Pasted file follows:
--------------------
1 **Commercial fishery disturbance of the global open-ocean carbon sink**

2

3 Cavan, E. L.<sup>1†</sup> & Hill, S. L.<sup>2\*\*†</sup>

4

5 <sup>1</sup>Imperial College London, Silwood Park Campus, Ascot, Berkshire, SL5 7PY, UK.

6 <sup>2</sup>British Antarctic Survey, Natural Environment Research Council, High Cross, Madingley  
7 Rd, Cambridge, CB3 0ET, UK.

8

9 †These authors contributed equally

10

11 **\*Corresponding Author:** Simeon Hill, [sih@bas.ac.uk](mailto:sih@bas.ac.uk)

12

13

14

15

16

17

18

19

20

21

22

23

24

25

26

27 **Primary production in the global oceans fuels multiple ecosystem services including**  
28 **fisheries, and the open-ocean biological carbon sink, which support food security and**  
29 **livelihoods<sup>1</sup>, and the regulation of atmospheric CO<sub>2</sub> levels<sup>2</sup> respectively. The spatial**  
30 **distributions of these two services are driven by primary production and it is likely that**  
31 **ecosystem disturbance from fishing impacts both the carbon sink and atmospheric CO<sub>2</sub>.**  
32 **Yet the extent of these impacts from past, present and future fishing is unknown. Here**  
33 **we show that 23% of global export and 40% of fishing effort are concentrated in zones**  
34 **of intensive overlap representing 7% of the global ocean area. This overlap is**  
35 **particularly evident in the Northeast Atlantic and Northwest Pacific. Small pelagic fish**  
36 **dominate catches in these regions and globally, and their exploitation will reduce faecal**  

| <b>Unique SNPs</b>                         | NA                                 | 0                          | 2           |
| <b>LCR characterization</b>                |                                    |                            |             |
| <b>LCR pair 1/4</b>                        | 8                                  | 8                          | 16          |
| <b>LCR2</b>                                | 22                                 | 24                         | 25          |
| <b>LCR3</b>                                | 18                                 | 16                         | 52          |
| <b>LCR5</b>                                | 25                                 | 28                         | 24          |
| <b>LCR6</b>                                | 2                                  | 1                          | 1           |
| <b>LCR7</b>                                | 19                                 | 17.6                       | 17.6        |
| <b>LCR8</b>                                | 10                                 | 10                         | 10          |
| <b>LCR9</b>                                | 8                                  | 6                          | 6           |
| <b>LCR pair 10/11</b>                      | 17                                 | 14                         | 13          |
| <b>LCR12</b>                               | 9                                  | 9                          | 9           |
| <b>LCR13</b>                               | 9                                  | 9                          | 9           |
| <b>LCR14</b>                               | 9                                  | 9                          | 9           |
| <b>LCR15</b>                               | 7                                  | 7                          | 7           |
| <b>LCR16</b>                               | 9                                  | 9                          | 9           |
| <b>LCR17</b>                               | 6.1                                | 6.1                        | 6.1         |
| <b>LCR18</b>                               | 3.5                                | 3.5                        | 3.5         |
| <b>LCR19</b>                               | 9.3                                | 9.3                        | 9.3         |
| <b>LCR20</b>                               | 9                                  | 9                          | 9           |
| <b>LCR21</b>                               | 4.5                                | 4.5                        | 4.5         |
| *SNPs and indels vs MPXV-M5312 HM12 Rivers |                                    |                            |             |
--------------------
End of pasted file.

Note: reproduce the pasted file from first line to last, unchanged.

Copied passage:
1 **Commercial fishery disturbance of the global open-ocean carbon sink**

2

3 Cavan, E. L.<sup>1†</sup> & Hill, S. L.<sup>2\*\*†</sup>

4

5 <sup>1</sup>Imperial College London, Silwood Park Campus, Ascot, Berkshire, SL5 7PY, UK.

6 <sup>2</sup>British Antarctic Survey, Natural Environment Research Council, High Cross, Madingley  
7 Rd, Cambridge, CB3 0ET, UK.

8

9 †These authors contributed equally

10

11 **\*Corresponding Author:** Simeon Hill, [sih@bas.ac.uk](mailto:sih@bas.ac.uk)

12

13

14

15

16

17

18

19

20

21

22

23

24

25

26

27 **Primary production in the global oceans fuels multiple ecosystem services including**  
28 **fisheries, and the open-ocean biological carbon sink, which support food security and**  
29 **livelihoods<sup>1</sup>, and the regulation of atmospheric CO<sub>2</sub> levels<sup>2</sup> respectively. The spatial**  
30 **distributions of these two services are driven by primary production and it is likely that**  
31 **ecosystem disturbance from fishing impacts both the carbon sink and atmospheric CO<sub>2</sub>.**  
32 **Yet the extent of these impacts from past, present and future fishing is unknown. Here**  
33 **we show that 23% of global export and 40% of fishing effort are concentrated in zones**  
34 **of intensive overlap representing 7% of the global ocean area. This overlap is**  
35 **particularly evident in the Northeast Atlantic and Northwest Pacific. Small pelagic fish**  
36 **dominate catches in these regions and globally, and their exploitation will reduce faecal**  

| <b>Unique SNPs</b>                         | NA                                 | 0                          | 2           |
| <b>LCR characterization</b>                |                                    |                            |             |
| <b>LCR pair 1/4</b>                        | 8                                  | 8                          | 16          |
| <b>LCR2</b>                                | 22                                 | 24                         | 25          |
| <b>LCR3</b>                                | 18                                 | 16                         | 52          |
| <b>LCR5</b>                                | 25                                 | 28                         | 24          |
| <b>LCR6</b>                                | 2                                  | 1                          | 1           |
| <b>LCR7</b>                                | 19                                 | 17.6                       | 17.6        |
| <b>LCR8</b>                                | 10                                 | 10                         | 10          |
| <b>LCR9</b>                                | 8                                  | 6                          | 6           |
| <b>LCR pair 10/11</b>                      | 17                                 | 14                         | 13          |
| <b>LCR12</b>                               | 9                                  | 9                          | 9           |
| <b>LCR13</b>                               | 9                                  | 9                          | 9           |
| <b>LCR14</b>                               | 9                                  | 9                          | 9           |
| <b>LCR15</b>                               | 7                                  | 7                          | 7           |
| <b>LCR16</b>                               | 9                                  | 9                          | 9           |
| <b>LCR17</b>                               | 6.1                                | 6.1                        | 6.1         |
| <b>LCR18</b>                               | 3.5                                | 3.5                        | 3.5         |
| <b>LCR19</b>                               | 9.3                                | 9.3                        | 9.3         |
| <b>LCR20</b>                               | 9                                  | 9                          | 9           |
| <b>LCR21</b>                               | 4.5                                | 4.5                        | 4.5         |
| *SNPs and indels vs MPXV-M5312 HM12 Rivers |                                    |                            |             |